Defra teams may then collect and test them to monitor the spread of avian influenza.
However, it will not gather the animals if some in the same area have recently been tested, or if the bird is in water and collectors cannot reach it.
Brits are told to contact their local authority if they want dead birds removed from public land.
Defra notes that not all dead wild birds have been infected with bird flu.
But it tells Brits to wash their hands thoroughly if they touch them, their droppings or feathers.
Professor Paul Wigley, an avian infection and immunity expert at the University of Liverpool, told MailOnline: ‘I’m slightly surprised by [Defra’s advice].
‘Though the risk of handling an individual dead bird is extremely low (with strict hand washing), normally you would expect disposal to [be] through the stricter hazardous waste route as it’s a bit like kicking the can down the road.’
While bird flu doesn’t easily spread to humans, it can be transmitted by touching an infected bird, regardless of whether it is dead or alive, as birds shed the virus through their saliva, mucous and faeces.
And around half of infections in people are fatal.
Professor Ian Jones, a virologist at the University of Reading, told MailOnline: ‘It would be very ill advice to handle infected birds’ carcasses.
‘This is certainly a possible source of contamination.
‘In birds, the virus is shed in the faeces, so contamination of the carcass is a real possibility.
‘If avian flu is suspected the carcass should not be handled directly.
‘At the very least gloves should be worn, and preferably some form of implement used, to move the carcass to a bag for disposal, preferably by incineration.’
The UK Health Security Agency says it is ‘important that people do not touch dead or sick birds’.
Pictured: A notice board warns people against feeding the birds in Regent’s Park in London due to rise in bird flu
Pictured: A dead bird in Queens Park in Heywood, Rochdale, amid the bird flu outbreak
The RSPCA advises people not to ‘approach or handle’ birds that are suspected to have avian flu.
It issued a reminder last year not to ‘touch or pick up and dead or visibly sick birds’ amid the ‘worryingly widespread’ outbreak of H5N1.
However, Dr Alastair Ward, an expert in biodiversity and ecosystem management at the University of Leeds, said Defra’s advice ‘seems to be about risk minimisation’.
He said: ‘Generally speaking, most people will keep the risk of coming into potentially infectious contact with avian flu very low to nil if they avoid all contact with wild birds.
‘However, there may be some circumstances where wild bird carcasses pose a greater risk or cause some other problem, and so risks can be reduced by disposing of them.
‘Risks to people disposing of dead birds can be substantially reduced with good hygiene.’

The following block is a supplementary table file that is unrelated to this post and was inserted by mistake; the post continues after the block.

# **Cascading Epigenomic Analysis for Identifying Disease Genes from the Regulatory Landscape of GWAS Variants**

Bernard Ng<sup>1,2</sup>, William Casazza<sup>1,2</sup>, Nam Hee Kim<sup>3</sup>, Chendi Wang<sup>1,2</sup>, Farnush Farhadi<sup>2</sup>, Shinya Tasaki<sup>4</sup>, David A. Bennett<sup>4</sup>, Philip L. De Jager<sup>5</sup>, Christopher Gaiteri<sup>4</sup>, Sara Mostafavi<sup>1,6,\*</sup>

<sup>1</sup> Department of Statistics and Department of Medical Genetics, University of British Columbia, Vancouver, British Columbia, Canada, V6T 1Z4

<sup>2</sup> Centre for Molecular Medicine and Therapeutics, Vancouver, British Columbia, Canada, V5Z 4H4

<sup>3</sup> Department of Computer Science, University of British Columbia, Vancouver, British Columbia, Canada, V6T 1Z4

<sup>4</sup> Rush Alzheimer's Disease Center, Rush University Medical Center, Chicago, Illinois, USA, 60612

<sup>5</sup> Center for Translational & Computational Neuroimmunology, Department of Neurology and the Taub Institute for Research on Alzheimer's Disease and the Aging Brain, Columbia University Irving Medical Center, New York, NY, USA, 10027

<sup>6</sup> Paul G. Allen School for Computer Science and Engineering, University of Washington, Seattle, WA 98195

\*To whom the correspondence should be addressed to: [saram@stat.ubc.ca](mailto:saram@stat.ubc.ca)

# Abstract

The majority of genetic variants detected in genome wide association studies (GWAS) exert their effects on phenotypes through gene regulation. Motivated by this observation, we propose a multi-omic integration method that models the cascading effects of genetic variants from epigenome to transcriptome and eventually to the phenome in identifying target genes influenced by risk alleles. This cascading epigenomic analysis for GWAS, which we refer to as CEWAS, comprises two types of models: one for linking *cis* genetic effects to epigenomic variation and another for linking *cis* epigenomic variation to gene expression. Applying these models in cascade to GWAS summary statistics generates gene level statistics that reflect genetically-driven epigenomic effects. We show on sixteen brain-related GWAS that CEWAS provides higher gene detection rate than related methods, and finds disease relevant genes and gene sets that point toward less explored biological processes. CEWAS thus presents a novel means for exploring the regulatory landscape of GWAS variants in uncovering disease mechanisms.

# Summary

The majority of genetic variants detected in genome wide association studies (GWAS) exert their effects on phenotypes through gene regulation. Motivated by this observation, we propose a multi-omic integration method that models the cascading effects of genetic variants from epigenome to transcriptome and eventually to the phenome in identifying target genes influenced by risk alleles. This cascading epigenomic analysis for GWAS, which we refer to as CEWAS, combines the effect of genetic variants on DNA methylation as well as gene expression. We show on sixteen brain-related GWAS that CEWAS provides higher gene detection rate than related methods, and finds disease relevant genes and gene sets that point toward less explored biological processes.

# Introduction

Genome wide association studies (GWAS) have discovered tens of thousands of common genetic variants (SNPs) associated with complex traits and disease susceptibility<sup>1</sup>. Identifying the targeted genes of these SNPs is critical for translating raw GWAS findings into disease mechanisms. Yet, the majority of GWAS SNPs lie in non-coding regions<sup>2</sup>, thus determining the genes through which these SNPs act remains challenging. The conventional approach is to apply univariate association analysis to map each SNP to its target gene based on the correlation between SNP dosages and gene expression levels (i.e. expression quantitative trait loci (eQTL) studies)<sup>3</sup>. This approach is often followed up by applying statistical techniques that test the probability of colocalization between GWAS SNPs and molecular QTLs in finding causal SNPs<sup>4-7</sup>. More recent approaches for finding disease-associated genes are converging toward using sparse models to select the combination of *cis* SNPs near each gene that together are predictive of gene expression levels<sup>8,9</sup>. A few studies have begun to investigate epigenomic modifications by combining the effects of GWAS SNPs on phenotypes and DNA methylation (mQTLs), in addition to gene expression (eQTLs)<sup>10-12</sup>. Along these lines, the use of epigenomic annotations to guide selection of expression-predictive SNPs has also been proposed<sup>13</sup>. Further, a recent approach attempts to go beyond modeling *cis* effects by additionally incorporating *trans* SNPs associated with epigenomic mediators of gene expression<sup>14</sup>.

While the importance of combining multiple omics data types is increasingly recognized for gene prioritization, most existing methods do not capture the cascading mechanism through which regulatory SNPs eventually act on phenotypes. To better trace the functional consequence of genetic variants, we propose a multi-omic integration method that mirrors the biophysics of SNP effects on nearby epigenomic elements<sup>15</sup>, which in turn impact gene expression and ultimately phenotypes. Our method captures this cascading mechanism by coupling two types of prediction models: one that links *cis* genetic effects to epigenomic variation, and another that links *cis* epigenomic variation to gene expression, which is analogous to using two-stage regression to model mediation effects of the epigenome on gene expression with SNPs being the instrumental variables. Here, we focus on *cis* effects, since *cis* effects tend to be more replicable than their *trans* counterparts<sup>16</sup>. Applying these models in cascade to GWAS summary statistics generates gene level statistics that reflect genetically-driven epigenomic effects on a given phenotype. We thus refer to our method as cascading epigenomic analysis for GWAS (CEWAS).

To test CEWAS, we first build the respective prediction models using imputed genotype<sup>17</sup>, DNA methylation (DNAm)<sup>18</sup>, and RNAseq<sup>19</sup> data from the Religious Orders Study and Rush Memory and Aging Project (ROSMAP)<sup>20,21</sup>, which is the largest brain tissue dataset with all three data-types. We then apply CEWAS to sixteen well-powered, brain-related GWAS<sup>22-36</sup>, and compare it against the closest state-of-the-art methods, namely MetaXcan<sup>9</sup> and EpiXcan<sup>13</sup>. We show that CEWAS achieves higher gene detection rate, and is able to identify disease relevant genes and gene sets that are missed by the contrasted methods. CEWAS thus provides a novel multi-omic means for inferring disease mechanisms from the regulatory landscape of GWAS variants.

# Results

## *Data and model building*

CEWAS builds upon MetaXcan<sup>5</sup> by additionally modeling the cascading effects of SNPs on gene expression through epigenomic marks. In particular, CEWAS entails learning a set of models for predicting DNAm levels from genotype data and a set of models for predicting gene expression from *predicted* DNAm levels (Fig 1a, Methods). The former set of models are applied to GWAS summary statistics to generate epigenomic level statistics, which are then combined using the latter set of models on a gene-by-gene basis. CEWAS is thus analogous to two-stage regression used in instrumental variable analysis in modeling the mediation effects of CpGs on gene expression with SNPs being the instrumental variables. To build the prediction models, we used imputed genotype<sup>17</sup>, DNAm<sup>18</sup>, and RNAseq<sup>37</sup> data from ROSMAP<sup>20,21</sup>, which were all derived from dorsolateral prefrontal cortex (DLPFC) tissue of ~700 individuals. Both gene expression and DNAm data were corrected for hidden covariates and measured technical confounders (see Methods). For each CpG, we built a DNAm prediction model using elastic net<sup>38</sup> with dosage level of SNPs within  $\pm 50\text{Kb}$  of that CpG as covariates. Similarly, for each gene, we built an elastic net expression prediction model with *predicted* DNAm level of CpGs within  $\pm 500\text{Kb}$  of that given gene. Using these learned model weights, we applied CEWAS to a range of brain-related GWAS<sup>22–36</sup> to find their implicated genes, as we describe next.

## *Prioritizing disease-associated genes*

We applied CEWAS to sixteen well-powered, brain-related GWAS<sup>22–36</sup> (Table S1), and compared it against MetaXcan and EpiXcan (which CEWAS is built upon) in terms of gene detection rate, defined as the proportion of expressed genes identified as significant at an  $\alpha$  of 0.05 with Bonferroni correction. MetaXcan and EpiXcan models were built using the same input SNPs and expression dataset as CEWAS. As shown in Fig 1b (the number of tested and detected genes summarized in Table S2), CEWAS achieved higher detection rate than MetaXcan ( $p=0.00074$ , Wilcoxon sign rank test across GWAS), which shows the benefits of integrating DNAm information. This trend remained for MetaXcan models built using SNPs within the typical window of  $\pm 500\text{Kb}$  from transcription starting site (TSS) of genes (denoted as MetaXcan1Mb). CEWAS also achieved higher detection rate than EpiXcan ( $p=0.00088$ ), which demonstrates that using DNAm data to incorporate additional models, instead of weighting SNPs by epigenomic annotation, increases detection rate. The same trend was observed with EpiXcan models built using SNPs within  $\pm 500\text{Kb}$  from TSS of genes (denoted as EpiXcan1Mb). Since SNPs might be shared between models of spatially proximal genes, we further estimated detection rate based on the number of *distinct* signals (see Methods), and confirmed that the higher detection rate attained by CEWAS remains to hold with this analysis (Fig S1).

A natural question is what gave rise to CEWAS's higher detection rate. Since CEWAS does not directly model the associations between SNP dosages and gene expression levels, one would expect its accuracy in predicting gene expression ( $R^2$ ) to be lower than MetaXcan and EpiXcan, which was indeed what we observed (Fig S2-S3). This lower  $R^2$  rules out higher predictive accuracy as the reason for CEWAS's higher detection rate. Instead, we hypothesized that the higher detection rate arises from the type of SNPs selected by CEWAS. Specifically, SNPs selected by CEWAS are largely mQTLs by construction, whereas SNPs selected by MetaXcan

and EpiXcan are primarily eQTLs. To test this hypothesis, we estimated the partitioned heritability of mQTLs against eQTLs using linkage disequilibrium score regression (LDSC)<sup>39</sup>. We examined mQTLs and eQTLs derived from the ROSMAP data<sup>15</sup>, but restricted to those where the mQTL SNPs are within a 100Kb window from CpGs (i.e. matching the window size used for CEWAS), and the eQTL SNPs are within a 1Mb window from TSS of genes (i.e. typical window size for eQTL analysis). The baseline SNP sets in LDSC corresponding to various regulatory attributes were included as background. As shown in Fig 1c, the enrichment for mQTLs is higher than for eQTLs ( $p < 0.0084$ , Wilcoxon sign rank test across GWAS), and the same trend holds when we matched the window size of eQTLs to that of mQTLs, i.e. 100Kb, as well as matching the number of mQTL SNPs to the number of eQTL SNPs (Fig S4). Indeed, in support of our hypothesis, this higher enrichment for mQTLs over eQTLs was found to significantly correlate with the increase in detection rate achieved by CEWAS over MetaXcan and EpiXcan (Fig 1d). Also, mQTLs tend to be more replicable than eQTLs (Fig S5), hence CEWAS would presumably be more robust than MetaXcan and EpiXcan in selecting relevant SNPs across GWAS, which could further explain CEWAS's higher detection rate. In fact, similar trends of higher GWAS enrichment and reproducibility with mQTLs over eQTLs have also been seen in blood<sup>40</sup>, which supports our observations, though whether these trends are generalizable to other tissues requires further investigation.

A spokesperson for the Animal and Plant Health Agency, which sits within Defra, said: ‘We are clear that members of the public should not touch dead wild birds, as set out in our guidance published on gov.uk.
‘Members of the public should use the online reporting system or call the Defra helpline if they find one or more dead wild bird of prey, gull, swan, goose or duck or five or more dead wild birds of any species.
‘Local authorities are responsible for the disposal of dead birds on public land.’
There have been 280 cases of the H5N1 bird flu strain in the UK since the outbreak started in October 2021.
Pictured: A National Trust ranger clears deceased birds from Staple Island in July 2022
Alan Gosling (pictured), a retired engineer in Devon, caught the virus after his ducks, some of which lived inside his home, became infected. No one else caught the virus
This sparked concern that the virus may be spreading between the mammals, which would indicate it had picked up a troublesome mutation that could, in theory, make it easier for humans to become infected.
However, the true toll is thought to be much higher because the vast majority of dead birds are not tested.
The current high level of cases is unusual because the virus usually dies out over the summer.
There has also been cases among foxes and otters, which are believed to have become infected after eating dead birds who had avian flu.
Further testing is still required to determine if mammals are transmitting the virus, however.
For decades, scientists have warned that bird flu is the most likely contender for triggering the next pandemic.
Experts say this is because of the threat of recombination — with high levels of human flu raising the risk of a human becoming co-infected with avian flu as well.
This could see a deadly strain of bird flu merge with a transmissible seasonal flu.
But there has only been one case of a British person becoming infected since the current outbreak began.
Alan Gosling, a retired engineer in Devon, caught the virus in early 2022 after his ducks, some of which lived inside his home, became infected.